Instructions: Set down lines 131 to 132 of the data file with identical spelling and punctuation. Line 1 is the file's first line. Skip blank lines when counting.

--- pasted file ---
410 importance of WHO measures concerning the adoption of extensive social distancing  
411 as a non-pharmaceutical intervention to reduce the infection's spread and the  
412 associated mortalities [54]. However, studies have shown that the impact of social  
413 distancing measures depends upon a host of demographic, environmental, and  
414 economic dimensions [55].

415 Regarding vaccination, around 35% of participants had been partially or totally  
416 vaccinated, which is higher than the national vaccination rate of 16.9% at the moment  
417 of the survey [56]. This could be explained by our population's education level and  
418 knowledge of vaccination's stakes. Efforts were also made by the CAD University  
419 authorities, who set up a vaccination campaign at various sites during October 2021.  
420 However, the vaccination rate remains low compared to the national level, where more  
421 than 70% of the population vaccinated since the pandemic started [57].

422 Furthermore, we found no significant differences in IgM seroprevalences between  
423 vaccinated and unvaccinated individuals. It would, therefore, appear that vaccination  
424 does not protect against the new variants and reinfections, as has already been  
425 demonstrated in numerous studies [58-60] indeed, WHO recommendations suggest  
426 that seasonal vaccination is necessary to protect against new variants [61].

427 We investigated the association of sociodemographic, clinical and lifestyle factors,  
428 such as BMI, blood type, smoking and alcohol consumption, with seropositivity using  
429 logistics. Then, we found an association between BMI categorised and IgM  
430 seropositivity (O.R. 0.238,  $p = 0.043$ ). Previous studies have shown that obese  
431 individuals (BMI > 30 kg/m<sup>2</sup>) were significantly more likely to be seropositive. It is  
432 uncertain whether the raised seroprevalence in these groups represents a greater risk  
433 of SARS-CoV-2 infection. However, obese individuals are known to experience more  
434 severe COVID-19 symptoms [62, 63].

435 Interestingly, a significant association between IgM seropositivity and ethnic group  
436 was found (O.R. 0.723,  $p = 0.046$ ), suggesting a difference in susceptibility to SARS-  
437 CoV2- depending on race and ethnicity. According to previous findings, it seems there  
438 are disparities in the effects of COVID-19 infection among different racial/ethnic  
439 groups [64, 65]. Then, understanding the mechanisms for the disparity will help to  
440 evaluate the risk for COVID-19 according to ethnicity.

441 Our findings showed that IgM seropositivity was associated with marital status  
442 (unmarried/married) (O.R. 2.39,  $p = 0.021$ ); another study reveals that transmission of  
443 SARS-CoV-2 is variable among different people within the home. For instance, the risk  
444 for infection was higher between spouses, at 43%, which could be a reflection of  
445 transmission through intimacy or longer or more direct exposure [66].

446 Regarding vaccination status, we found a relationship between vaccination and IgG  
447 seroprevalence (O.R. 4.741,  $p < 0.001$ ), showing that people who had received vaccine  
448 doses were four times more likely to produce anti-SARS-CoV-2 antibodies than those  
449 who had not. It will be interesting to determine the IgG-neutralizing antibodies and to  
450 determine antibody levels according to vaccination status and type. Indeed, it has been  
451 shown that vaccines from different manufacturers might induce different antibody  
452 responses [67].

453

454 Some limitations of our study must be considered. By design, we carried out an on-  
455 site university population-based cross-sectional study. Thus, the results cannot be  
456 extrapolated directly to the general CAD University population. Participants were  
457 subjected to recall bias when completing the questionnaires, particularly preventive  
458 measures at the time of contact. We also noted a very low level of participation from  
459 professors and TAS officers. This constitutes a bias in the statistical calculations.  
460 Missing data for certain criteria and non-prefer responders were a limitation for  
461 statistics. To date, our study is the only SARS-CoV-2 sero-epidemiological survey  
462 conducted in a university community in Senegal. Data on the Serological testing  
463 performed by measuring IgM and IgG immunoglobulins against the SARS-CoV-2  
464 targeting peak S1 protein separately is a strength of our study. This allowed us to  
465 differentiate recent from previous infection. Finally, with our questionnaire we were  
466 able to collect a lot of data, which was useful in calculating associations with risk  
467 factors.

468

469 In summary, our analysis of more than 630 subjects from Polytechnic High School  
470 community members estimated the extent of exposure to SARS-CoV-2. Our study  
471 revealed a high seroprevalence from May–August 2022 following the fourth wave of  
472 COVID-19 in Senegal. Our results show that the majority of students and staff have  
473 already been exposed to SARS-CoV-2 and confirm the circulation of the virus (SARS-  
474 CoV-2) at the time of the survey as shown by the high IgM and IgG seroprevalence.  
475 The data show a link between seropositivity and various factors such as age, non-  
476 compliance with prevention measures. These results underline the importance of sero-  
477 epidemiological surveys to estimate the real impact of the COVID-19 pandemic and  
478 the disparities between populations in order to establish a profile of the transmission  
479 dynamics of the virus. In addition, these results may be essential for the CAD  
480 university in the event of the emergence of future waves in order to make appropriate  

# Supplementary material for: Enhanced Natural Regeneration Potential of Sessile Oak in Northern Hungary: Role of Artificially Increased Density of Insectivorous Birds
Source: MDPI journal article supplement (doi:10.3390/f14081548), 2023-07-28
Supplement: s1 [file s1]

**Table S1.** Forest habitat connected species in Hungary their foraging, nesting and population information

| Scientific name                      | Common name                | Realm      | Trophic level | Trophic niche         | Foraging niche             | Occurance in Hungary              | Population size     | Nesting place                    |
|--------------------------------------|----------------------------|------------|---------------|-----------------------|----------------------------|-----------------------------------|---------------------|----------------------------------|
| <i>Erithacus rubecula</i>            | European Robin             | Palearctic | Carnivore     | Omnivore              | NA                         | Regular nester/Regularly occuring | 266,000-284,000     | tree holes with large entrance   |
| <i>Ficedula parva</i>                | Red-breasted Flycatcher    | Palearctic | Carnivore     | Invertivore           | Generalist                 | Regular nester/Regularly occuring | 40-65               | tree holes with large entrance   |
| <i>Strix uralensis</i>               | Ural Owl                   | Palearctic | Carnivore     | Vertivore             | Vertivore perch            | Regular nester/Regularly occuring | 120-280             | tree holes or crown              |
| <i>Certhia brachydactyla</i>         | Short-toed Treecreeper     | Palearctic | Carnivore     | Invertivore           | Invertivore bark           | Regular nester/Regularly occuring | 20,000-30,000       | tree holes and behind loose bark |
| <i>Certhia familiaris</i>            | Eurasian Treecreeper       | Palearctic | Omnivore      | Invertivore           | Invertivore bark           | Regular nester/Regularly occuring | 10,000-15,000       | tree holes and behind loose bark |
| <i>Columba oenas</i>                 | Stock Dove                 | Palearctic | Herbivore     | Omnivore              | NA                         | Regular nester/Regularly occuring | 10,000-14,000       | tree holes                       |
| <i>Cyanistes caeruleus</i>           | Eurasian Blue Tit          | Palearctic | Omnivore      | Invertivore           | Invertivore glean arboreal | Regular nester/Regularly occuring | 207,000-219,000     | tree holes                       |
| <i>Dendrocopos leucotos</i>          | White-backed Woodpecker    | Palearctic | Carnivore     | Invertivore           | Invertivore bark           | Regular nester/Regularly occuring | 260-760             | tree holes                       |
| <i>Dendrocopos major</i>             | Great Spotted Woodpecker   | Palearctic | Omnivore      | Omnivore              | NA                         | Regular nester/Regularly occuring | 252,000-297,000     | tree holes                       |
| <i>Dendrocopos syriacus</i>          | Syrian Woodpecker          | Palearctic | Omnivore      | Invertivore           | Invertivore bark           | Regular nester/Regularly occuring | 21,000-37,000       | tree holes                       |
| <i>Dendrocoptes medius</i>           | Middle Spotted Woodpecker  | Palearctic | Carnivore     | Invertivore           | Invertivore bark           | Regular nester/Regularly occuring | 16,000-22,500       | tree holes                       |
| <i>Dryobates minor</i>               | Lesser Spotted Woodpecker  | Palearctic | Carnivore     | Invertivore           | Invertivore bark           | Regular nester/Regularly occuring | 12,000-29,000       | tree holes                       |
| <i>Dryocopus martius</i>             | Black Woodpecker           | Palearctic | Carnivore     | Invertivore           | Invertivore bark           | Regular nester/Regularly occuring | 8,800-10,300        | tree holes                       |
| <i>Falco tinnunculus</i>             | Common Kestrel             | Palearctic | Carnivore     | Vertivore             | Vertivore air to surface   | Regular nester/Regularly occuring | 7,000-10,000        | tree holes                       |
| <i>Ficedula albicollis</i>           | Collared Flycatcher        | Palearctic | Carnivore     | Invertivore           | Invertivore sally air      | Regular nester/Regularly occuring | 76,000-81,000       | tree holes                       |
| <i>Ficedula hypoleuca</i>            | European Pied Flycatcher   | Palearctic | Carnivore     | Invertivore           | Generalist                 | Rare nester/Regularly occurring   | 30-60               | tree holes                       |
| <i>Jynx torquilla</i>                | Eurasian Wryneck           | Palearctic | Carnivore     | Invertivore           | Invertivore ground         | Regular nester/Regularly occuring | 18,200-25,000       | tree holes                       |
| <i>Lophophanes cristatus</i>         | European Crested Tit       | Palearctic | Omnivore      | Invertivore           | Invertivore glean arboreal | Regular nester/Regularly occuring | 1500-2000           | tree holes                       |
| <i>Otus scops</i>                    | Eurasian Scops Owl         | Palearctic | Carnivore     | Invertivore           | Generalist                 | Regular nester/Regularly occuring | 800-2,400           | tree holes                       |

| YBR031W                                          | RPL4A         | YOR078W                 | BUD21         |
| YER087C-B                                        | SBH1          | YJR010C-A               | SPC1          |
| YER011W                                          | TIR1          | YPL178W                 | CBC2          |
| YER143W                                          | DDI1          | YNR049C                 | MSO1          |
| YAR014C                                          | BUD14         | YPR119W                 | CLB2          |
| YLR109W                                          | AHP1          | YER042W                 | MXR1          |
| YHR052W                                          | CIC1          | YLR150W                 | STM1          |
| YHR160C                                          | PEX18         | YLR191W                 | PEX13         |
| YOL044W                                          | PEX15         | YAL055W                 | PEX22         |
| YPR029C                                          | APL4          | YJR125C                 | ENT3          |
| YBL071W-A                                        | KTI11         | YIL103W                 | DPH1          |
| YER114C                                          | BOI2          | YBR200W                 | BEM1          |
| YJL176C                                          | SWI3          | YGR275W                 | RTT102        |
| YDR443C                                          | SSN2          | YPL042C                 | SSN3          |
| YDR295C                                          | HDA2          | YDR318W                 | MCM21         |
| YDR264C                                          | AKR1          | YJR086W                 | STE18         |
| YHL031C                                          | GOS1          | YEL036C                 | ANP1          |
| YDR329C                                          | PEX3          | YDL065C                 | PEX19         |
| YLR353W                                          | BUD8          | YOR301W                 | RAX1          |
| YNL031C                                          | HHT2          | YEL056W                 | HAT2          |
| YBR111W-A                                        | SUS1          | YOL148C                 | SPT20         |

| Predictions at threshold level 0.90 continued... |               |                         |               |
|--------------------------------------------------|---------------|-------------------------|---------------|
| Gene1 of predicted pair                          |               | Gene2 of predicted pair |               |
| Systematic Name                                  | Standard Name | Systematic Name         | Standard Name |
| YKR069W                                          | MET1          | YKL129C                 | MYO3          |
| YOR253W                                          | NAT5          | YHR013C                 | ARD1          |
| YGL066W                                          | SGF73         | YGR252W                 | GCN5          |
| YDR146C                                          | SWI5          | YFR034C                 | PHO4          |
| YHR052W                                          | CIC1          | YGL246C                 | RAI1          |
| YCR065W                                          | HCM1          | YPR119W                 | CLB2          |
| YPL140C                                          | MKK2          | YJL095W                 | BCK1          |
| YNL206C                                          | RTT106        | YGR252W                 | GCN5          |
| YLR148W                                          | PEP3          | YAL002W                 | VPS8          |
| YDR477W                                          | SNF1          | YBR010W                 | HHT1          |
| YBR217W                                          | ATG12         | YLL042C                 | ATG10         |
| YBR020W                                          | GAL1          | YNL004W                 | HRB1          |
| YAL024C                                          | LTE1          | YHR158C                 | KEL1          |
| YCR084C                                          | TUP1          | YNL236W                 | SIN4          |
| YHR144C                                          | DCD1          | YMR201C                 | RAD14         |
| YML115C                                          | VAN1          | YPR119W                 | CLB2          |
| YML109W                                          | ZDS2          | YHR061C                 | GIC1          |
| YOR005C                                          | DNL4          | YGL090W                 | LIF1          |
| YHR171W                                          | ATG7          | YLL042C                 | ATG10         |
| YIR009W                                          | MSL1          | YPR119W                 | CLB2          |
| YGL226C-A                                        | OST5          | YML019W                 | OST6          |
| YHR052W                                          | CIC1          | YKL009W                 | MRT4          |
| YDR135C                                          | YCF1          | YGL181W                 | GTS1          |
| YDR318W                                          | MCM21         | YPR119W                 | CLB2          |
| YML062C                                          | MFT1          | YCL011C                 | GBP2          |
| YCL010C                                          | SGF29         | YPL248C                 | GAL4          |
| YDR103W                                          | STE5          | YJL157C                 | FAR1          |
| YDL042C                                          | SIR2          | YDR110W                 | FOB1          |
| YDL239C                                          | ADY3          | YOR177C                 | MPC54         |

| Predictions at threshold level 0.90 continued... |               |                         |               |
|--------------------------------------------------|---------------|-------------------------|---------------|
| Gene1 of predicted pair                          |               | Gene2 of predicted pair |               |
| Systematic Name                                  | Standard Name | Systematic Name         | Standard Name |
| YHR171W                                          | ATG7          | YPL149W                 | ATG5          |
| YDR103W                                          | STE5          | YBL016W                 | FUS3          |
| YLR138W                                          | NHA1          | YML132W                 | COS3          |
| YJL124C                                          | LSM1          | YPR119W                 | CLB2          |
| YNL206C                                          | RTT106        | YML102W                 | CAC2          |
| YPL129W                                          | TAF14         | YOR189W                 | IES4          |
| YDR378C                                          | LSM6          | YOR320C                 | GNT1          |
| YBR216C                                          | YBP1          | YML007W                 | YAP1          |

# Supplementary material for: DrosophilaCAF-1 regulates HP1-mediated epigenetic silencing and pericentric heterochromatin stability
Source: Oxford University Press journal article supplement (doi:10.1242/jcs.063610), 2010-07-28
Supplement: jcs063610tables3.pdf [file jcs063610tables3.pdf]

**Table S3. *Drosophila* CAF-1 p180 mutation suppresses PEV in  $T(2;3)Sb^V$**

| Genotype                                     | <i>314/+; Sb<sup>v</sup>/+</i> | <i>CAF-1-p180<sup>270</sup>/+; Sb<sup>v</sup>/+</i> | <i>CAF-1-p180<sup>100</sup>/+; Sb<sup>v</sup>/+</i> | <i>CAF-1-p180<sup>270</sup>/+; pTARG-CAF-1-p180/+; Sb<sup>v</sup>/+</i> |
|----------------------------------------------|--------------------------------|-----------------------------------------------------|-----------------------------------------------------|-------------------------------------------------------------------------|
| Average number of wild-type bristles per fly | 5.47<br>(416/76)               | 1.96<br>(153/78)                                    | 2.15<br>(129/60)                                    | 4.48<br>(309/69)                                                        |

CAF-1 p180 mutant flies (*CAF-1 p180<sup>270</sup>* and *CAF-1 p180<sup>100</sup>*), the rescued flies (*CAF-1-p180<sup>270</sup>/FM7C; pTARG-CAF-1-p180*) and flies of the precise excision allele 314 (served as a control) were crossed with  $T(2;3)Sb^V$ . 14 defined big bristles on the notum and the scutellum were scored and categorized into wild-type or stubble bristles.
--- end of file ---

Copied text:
| YDR477W                                          | SNF1          | YBR010W                 | HHT1          |
| YBR217W                                          | ATG12         | YLL042C                 | ATG10         |